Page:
Confronting Whiteness in Hollywood: The Color Line

Examine the depiction of racism and the color line in film, and what that teaches us about whiteness.

February 13, 2020


Hollywood has tried tackling race, segregation, and the color line in America since the earliest days of cinema. Since the first film adaptation of Uncle Tom's Cabin (1903), films about racism have highlighted how white progressives think about race. In this session, Randa Tawil will lead a discussion on the depiction of racism and the color line in film, and what that teaches us about whiteness. The class will focus on Green Book (2018), with analysis of Imitation of Life (1959), In the Heat of the Night (1967), and Dangerous Minds (1995)

SIFF year-round passes and vouchers are not valid for this event.

This class is part of the three-class series, Confronting Whiteness in Hollywood series. You can purchase a discounted package of all three classes of $51 ($39 SIFF Members).

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February 13, 2020
7:00 PM - 9:00 PM
SIFF Film Center
$20 | $15 SIFF Members

CERTIFICATED EDUCATORS: This class is available for 2 Continuing Education Clock Hours through the Puget Sound Educational Service District. There is additional administrative cost through the ESD to redeem the hours. See additional clock hour class offerings and email us if you have any questions.

Student in this class will be expected to have seen Green Book (Peter Farrelly, 2018) in advance of the class. It is also recommended to have a familiarity or recent viewing of Imitation of Life (Douglas Sirk, 1959), In the Heat of the Night (Norman Jewison, 1967), and Dangerous Minds (John N. Smith, 1995). There may be supplemental readings shared in advance of the class, but beyond viewing the film(s) and participating in the class conversation, there are no additional pre-requisites.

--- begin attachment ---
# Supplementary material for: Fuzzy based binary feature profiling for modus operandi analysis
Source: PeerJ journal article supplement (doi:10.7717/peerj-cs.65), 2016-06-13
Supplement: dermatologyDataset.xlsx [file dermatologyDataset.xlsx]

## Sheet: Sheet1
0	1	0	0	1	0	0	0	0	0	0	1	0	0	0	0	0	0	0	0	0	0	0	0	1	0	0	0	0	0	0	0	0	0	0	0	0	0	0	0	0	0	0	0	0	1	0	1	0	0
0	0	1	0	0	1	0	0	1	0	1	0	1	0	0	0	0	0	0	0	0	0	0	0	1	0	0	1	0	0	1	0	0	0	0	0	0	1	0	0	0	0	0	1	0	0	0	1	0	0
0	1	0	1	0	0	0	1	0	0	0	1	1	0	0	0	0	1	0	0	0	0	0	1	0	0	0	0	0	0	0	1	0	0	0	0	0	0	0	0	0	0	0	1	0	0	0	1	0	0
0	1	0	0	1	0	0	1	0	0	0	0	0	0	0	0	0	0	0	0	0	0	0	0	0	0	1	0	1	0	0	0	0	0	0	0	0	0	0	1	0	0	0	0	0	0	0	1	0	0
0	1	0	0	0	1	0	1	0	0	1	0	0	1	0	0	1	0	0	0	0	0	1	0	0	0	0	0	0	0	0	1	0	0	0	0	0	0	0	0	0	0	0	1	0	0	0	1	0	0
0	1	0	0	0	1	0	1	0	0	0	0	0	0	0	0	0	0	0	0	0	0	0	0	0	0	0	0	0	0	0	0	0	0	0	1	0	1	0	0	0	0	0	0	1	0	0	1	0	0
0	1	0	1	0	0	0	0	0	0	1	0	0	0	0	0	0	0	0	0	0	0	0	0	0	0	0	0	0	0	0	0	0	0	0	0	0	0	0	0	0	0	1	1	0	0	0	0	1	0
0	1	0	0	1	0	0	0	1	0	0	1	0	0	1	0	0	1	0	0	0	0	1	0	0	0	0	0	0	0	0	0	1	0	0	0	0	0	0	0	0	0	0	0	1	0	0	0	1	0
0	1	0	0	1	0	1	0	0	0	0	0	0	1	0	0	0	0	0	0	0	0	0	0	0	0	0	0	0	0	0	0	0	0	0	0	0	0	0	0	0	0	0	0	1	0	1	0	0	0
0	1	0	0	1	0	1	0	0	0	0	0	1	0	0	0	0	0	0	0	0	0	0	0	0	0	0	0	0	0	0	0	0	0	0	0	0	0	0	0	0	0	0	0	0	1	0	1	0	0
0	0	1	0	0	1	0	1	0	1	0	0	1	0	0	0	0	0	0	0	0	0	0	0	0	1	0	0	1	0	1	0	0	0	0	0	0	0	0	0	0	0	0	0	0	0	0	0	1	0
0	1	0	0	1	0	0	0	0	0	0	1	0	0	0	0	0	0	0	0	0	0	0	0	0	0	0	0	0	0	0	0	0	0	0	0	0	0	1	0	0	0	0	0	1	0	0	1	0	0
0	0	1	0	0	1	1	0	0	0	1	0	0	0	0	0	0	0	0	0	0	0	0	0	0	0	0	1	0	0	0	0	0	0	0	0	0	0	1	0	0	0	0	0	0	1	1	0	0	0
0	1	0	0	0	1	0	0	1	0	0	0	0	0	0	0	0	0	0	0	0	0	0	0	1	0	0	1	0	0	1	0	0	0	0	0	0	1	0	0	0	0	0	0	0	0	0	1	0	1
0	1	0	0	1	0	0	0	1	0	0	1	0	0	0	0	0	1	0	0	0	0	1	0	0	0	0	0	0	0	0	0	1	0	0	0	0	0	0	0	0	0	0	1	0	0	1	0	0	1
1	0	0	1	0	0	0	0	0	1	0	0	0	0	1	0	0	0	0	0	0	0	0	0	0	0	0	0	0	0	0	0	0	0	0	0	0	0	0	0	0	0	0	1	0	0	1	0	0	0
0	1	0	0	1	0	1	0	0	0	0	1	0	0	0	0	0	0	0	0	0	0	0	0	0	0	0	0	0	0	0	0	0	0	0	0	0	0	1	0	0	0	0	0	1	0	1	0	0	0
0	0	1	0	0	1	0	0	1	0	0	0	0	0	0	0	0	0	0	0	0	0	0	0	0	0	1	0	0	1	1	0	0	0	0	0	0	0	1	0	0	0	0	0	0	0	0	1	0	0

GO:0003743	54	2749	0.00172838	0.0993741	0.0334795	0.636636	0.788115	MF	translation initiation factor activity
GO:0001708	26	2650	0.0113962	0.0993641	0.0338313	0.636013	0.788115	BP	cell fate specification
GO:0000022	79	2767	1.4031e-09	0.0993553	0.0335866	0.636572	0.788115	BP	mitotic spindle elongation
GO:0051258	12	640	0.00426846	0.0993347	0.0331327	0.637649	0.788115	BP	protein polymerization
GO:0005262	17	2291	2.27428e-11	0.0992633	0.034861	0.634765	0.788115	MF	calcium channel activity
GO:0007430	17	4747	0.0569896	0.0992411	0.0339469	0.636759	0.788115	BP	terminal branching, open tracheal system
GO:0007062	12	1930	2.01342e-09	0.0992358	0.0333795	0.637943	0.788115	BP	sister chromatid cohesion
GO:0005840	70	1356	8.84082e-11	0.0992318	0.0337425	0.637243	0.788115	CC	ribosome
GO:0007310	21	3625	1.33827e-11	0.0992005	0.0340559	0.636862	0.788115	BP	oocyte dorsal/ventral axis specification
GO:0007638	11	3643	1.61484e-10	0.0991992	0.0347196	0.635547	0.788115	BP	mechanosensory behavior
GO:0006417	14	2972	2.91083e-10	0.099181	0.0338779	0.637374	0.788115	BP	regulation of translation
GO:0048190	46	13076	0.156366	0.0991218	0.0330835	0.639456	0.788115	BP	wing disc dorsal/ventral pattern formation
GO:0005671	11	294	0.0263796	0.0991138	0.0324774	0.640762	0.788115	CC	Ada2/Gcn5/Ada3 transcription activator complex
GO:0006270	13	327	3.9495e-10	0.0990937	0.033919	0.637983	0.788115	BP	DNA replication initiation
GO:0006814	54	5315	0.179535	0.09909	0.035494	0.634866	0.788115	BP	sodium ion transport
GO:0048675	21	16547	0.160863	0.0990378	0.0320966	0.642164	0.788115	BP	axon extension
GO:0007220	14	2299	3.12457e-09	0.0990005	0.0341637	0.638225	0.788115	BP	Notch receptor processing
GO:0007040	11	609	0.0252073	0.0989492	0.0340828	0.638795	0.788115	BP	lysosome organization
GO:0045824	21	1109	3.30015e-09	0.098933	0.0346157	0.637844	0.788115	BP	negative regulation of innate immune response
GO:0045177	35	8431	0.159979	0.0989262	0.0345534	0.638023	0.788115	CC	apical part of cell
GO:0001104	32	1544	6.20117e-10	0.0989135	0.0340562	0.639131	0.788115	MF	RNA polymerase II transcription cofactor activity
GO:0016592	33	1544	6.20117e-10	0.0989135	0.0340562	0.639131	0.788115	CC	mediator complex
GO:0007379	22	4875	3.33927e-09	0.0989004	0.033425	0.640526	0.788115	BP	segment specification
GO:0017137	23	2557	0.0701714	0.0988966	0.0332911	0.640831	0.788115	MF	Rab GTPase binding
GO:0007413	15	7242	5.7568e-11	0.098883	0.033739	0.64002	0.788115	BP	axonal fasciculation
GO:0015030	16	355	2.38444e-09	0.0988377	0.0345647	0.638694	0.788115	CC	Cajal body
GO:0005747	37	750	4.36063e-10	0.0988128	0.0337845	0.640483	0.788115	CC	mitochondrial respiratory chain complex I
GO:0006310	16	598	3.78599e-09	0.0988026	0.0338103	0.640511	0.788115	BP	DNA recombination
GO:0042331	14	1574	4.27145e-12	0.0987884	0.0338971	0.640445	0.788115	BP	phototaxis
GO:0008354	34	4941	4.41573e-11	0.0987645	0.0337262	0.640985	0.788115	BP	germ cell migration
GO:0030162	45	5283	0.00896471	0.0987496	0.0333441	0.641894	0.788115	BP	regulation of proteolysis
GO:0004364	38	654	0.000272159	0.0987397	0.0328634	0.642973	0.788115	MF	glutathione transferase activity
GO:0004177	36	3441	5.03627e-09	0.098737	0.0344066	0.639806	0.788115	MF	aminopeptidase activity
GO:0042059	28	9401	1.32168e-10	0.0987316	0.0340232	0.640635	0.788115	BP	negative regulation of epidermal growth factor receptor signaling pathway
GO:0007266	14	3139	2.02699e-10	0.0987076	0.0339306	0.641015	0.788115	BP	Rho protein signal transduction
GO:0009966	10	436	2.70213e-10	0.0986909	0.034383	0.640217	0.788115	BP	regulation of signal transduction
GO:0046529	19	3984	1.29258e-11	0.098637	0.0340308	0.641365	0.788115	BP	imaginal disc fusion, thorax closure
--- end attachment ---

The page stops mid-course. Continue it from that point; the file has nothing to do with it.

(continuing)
Randa Tawil is a PhD Candidate at Yale University in the Department of American Studies, where she teaches courses on race, gender, and migration in the American Film Musical. Her research interests include history of migration, diaspora, and film, and has written several articles on these issues for the Washington Post. Her work is supported by the Yale Macmillan Center, Yale American Studies Department, and the Mellon/ACLS Foundation. Visit

"If whiteness gains currency by being unnoticed, then what does it mean to notice whiteness?" -Sara Ahmed. Whiteness is everywhere in Hollywood films, and yet rarely discussed. Even in films which take up race as a central question or problem, whiteness often serves as a neutral or natural backdrop through which stories of race are told. In this series, we discuss "white savior" movies, and what these movies can teach us about the deliberate and subconscious construction of whiteness in American cinema. 

Confronting Whiteness in Hollywood Series